Restore OpenShift with... VM Snapshots?

I run OpenShift on virtual machines (VMs) in my lab and I frequently snapshot my clusters prior to testing cluster configuration changes. I know what you’re thinking:

  • “That’s not how backing up OpenShift works!”
  • “You’re going to run into all kinds of problems with Etcd when you restore!”
  • “Why not build a new cluster with the same install-config.yaml?”

Under normal circumstances you should absolutely find a better solution to restore workloads than VM snapshots (especially production!). For lab use though, VM snapshots are an amazing tool to consistently reproduce environments to test changes against.

Snapshots provide a fast way to iterate through the development of cluster-wide automation instead of building out a new cluster to test changes. In my experience, building a new cluster takes 45-60 minutes, while restoring a snapshot takes 5-10 minutes.

My Workflow

Here’s the typical workflow I use:

  • Snapshot the cluster,
    1. Power down the worker nodes (shutdown button)
    2. Power down the control plane nodes (shutdown button)
    3. Snapshot all of the nodes
    4. Power on everything
  • Go test whatever (It doesn’t matter if I break the cluster since I have my snapshots!)
  • Restore the cluster,
    1. Hard power down all nodes (Pull the plug - it doesn’t matter since the machines will be restored!)
    2. Restore the snapshot on ALL nodes
    3. Power on everything

That’s it!

This workflow is especially useful when combined with Single-Node OpenShift (SNO). SNO deployments have only one node so it’s easy to snapshot and restore a single VM. For larger clusters it’s more tedious to snapshot and restore multiple VMs but Ansible automation can help simplify the process.


Don’t Use Snapshots for Disaster Recovery (DR)

Don’t do this for DR. Ever. There are better, more failure resistant ways backup and restore workloads on OpenShift.

It’s best to assume any cluster restored from a snapshot might not come back up. Before I snapshot a cluster in my lab I think, “If this cluster didn’t come back up, would that impact my work?” If the answer is yes, I will back up whatever important data I have on the cluster through other means before snapping the machines.

Etcd Corruption

You absolutely must power off the nodes before creating snapshots, regardless if you snapshot/restore the machine’s memory. This is important because you need all of the control plane nodes running Etcd to be in sync. Gracefully shutting down the nodes puts Etcd in a clean state for when the nodes are resumed. If you leave them on during the snapshot, you will run into Etcd issues.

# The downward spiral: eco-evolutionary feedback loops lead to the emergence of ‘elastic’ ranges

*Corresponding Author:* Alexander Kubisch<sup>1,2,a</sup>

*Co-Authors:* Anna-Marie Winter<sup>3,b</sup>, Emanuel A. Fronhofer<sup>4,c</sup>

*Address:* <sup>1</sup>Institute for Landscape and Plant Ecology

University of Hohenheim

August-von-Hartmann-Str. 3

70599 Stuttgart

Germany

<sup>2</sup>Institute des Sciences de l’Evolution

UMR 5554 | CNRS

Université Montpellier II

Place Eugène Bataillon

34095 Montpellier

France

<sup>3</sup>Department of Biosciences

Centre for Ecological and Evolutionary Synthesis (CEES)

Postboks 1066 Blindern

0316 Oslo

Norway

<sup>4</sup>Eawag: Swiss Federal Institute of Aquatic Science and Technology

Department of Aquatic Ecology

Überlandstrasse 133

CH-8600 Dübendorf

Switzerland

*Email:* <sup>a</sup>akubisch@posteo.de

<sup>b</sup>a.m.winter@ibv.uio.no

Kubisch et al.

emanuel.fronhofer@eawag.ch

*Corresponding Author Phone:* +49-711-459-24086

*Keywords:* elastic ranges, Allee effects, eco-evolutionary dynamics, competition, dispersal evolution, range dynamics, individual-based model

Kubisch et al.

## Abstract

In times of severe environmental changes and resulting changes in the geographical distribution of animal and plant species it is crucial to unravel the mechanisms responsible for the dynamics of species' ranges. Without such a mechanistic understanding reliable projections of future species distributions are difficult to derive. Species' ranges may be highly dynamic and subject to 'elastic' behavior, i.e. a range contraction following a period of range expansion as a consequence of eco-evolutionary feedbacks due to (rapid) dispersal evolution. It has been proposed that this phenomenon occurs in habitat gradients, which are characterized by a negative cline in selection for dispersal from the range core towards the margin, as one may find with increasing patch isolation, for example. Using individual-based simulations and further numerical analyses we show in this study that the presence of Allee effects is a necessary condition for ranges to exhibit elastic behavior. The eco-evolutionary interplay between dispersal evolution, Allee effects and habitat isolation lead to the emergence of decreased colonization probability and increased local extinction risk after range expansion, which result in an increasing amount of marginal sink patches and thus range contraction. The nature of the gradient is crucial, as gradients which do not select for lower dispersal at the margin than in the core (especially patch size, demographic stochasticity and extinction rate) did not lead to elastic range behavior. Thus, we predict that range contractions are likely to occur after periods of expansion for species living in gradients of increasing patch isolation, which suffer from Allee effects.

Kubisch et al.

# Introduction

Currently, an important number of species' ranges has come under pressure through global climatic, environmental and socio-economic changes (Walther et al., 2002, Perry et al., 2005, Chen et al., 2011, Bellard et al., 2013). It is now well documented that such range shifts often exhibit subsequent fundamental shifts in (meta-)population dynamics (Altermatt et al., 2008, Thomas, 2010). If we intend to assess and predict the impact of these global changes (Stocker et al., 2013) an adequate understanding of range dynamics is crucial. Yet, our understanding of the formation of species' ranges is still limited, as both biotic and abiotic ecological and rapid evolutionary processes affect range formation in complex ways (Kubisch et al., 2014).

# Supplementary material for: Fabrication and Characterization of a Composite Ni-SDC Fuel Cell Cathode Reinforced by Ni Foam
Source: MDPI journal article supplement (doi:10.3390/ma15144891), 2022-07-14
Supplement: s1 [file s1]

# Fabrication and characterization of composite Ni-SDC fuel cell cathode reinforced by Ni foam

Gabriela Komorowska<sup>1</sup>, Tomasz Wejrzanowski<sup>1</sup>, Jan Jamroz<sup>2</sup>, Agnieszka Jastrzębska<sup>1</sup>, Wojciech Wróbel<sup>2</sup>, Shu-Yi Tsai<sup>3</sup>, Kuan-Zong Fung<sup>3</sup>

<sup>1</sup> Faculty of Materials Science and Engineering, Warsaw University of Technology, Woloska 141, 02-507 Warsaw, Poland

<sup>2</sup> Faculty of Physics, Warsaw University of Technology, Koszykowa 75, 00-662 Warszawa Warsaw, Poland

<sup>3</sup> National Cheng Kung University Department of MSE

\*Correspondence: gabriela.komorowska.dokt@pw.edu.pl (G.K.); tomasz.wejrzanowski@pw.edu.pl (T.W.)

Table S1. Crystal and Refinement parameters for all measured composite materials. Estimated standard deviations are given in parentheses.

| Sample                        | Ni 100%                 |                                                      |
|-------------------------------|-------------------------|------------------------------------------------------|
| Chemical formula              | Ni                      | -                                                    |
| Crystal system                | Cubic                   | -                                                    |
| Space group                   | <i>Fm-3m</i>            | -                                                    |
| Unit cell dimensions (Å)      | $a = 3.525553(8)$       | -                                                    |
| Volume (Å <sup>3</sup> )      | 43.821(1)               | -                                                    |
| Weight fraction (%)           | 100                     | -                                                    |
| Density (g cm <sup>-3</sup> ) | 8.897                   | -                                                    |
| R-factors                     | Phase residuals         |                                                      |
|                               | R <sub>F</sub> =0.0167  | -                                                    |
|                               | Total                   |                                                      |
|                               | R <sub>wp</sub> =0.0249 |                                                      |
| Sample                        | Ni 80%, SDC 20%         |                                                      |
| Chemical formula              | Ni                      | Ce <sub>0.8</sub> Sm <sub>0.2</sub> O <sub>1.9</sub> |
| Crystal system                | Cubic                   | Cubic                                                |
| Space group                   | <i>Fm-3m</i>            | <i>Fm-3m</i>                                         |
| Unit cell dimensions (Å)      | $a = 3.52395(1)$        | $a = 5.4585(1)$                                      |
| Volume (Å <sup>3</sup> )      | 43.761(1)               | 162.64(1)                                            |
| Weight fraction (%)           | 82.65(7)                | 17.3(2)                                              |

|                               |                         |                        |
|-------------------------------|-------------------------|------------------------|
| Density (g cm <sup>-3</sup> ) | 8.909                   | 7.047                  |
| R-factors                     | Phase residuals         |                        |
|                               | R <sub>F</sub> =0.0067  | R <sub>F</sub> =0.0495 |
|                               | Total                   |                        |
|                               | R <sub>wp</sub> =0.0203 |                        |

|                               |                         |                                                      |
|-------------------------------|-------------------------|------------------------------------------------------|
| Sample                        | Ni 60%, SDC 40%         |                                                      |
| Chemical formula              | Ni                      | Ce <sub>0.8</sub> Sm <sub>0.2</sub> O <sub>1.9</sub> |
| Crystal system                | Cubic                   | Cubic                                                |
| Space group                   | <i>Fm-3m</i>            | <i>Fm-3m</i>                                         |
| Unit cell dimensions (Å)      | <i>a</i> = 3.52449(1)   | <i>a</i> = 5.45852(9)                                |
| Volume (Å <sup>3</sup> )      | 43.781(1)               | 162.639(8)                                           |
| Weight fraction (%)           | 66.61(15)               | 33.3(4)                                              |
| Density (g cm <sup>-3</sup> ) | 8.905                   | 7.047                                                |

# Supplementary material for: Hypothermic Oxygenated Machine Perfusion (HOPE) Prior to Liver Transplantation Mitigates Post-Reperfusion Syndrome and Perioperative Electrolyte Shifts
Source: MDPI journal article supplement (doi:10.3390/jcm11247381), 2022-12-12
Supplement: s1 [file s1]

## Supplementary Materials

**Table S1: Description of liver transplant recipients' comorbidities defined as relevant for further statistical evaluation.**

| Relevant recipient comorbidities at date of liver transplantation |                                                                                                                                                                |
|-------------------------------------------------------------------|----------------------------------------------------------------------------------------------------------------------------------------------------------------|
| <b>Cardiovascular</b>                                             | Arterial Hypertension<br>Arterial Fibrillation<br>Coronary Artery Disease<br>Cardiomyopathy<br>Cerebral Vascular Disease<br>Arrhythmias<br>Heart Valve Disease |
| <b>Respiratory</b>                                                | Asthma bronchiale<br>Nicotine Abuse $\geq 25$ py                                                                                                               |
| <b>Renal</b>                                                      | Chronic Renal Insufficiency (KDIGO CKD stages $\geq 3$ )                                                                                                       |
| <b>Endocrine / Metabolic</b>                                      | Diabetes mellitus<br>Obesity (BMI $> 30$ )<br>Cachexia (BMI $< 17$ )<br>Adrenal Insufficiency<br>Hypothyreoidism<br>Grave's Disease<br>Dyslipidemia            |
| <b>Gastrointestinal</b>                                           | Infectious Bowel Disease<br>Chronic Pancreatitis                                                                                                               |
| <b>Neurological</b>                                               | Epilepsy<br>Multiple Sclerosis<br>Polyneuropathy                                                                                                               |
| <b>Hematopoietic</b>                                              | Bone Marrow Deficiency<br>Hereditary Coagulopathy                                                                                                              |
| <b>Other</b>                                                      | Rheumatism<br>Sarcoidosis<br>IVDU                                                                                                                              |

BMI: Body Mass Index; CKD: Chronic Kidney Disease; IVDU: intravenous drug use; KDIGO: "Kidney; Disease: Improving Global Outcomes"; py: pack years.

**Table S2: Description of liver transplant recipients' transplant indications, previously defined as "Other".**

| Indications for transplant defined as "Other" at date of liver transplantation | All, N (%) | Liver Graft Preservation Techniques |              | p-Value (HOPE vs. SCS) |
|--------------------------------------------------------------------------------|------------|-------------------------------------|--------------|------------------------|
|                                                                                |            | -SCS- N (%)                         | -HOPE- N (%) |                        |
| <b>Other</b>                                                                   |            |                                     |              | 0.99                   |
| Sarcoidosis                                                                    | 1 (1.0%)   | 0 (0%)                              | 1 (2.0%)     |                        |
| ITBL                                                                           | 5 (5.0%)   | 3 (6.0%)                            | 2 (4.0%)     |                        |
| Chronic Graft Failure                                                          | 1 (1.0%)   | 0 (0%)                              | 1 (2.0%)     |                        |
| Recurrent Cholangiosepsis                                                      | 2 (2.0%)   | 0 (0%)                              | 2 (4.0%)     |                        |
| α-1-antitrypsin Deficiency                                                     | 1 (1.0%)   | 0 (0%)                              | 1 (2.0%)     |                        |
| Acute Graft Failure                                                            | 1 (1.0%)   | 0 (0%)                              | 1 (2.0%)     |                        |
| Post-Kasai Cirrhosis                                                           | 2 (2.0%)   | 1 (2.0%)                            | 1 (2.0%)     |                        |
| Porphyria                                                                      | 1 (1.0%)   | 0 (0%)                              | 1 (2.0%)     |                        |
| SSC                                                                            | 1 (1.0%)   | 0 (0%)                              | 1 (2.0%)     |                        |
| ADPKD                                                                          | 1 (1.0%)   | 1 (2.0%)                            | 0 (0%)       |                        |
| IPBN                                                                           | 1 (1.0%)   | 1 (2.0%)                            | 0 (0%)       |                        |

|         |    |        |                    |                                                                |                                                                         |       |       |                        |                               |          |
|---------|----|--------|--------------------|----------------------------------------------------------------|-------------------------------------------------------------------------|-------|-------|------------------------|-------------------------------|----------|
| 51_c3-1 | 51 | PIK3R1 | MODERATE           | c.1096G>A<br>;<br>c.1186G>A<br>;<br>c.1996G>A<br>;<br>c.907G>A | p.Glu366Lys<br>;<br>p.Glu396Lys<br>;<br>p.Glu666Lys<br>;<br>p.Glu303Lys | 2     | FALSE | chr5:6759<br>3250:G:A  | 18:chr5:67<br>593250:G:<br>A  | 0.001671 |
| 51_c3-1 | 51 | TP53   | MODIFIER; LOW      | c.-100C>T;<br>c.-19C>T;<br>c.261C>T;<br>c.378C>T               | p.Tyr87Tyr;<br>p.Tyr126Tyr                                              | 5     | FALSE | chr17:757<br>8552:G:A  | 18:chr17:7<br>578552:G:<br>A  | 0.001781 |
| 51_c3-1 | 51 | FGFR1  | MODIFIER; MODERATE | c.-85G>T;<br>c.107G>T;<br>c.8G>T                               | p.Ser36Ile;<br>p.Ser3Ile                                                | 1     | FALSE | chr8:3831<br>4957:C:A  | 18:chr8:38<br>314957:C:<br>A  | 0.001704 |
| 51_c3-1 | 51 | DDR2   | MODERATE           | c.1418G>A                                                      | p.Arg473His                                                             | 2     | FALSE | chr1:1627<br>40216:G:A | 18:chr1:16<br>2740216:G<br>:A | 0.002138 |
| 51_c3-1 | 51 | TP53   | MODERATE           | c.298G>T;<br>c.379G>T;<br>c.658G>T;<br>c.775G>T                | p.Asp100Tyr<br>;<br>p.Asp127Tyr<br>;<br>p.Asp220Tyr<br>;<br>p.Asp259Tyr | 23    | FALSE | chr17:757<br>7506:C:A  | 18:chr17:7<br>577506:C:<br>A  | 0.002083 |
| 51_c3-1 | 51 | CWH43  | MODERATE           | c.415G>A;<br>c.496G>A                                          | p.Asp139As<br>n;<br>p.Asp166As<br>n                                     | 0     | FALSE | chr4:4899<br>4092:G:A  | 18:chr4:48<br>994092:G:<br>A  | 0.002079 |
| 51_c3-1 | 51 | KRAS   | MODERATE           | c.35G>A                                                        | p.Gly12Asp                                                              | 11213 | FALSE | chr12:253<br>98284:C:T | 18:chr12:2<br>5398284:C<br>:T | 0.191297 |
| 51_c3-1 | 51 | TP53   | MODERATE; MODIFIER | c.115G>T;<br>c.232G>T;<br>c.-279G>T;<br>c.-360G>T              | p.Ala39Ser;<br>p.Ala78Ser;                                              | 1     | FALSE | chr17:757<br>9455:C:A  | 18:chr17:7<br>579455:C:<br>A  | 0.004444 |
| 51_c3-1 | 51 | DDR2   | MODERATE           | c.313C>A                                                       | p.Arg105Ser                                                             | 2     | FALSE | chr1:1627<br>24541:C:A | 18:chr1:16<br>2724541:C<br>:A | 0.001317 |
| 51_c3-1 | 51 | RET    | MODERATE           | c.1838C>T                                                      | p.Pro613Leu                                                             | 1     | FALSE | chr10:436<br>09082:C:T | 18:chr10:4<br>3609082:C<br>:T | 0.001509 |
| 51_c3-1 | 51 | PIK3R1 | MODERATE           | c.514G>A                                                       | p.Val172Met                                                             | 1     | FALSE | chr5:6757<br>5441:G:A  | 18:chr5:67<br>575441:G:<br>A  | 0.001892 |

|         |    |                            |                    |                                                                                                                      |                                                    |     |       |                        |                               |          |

OpenShift’s Shutting down the cluster gracefully docs state to take an Etcd backup prior to shutting down a cluster. I don’t take Etcd backups in my lab. Since I assume any cluster I shut down might not come back up, the work to take an Etcd backup isn’t work it for me.


Obviously, shutting off the cluster off to snap the machines means downtime. This shouldn’t be a big deal in a lab environment.

Node Certificates

OpenShift runs an internal certificate authority (CA) that issues certificates for every node in a cluster. These node certificates are short lived. When the cluster is provisioned, the initial certificates are only valid for 24 hours. After the initial rotation, any issued node certificates are valid for 30 days. OpenShift will automatically handle certificate rotation of node certificates shortly before they expire.

The consideration here is, if the nodes are powered off, OpenShift can’t automatically rotate the certificates. When the cluster boots after certificates have expired, the cluster will not function properly.

Thankfully there is a way to manually approve node certificates. With oc adm certificate approve <certs>, a cluster admin can approve pending certificate signing requests (CSRs).

This one-liner will approve all pending certificates:

oc get csr -o go-template='{{range .items}}{{if not .status}}{{.metadata.name}}{{"\n"}}{{end}}{{end}}' | xargs oc adm certificate approve

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